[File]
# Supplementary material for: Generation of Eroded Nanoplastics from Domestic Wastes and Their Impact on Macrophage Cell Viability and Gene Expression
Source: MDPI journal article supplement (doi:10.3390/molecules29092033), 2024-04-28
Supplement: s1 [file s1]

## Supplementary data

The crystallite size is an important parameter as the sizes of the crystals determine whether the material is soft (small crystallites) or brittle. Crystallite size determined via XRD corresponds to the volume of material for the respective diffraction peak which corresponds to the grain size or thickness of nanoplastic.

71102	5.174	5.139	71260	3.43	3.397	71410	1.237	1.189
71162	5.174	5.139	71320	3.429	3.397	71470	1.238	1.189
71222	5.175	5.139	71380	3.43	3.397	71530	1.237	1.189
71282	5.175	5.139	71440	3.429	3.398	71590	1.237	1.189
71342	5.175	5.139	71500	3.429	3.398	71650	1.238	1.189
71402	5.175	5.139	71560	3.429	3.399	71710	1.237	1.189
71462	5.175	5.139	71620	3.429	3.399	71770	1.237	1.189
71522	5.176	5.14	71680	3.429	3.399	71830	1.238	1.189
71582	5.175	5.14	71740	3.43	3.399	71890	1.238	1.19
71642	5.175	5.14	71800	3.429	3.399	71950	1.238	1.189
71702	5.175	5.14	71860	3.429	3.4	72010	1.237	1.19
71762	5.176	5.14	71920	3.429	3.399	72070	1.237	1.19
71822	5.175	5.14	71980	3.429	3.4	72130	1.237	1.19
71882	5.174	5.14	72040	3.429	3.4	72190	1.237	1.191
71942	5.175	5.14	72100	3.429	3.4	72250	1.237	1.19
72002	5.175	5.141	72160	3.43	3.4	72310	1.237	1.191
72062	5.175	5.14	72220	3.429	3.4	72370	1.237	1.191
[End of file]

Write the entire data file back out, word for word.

# Supplementary material for: Generation of Eroded Nanoplastics from Domestic Wastes and Their Impact on Macrophage Cell Viability and Gene Expression
Source: MDPI journal article supplement (doi:10.3390/molecules29092033), 2024-04-28
Supplement: s1 [file s1]

## Supplementary data

The crystallite size is an important parameter as the sizes of the crystals determine whether the material is soft (small crystallites) or brittle. Crystallite size determined via XRD corresponds to the volume of material for the respective diffraction peak which corresponds to the grain size or thickness of nanoplastic.

71102	5.174	5.139	71260	3.43	3.397	71410	1.237	1.189
71162	5.174	5.139	71320	3.429	3.397	71470	1.238	1.189
71222	5.175	5.139	71380	3.43	3.397	71530	1.237	1.189
71282	5.175	5.139	71440	3.429	3.398	71590	1.237	1.189
71342	5.175	5.139	71500	3.429	3.398	71650	1.238	1.189
71402	5.175	5.139	71560	3.429	3.399	71710	1.237	1.189
71462	5.175	5.139	71620	3.429	3.399	71770	1.237	1.189
71522	5.176	5.14	71680	3.429	3.399	71830	1.238	1.189
71582	5.175	5.14	71740	3.43	3.399	71890	1.238	1.19
71642	5.175	5.14	71800	3.429	3.399	71950	1.238	1.189
71702	5.175	5.14	71860	3.429	3.4	72010	1.237	1.19
71762	5.176	5.14	71920	3.429	3.399	72070	1.237	1.19
71822	5.175	5.14	71980	3.429	3.4	72130	1.237	1.19
71882	5.174	5.14	72040	3.429	3.4	72190	1.237	1.191
71942	5.175	5.14	72100	3.429	3.4	72250	1.237	1.19
72002	5.175	5.141	72160	3.43	3.4	72310	1.237	1.191
72062	5.175	5.14	72220	3.429	3.4	72370	1.237	1.191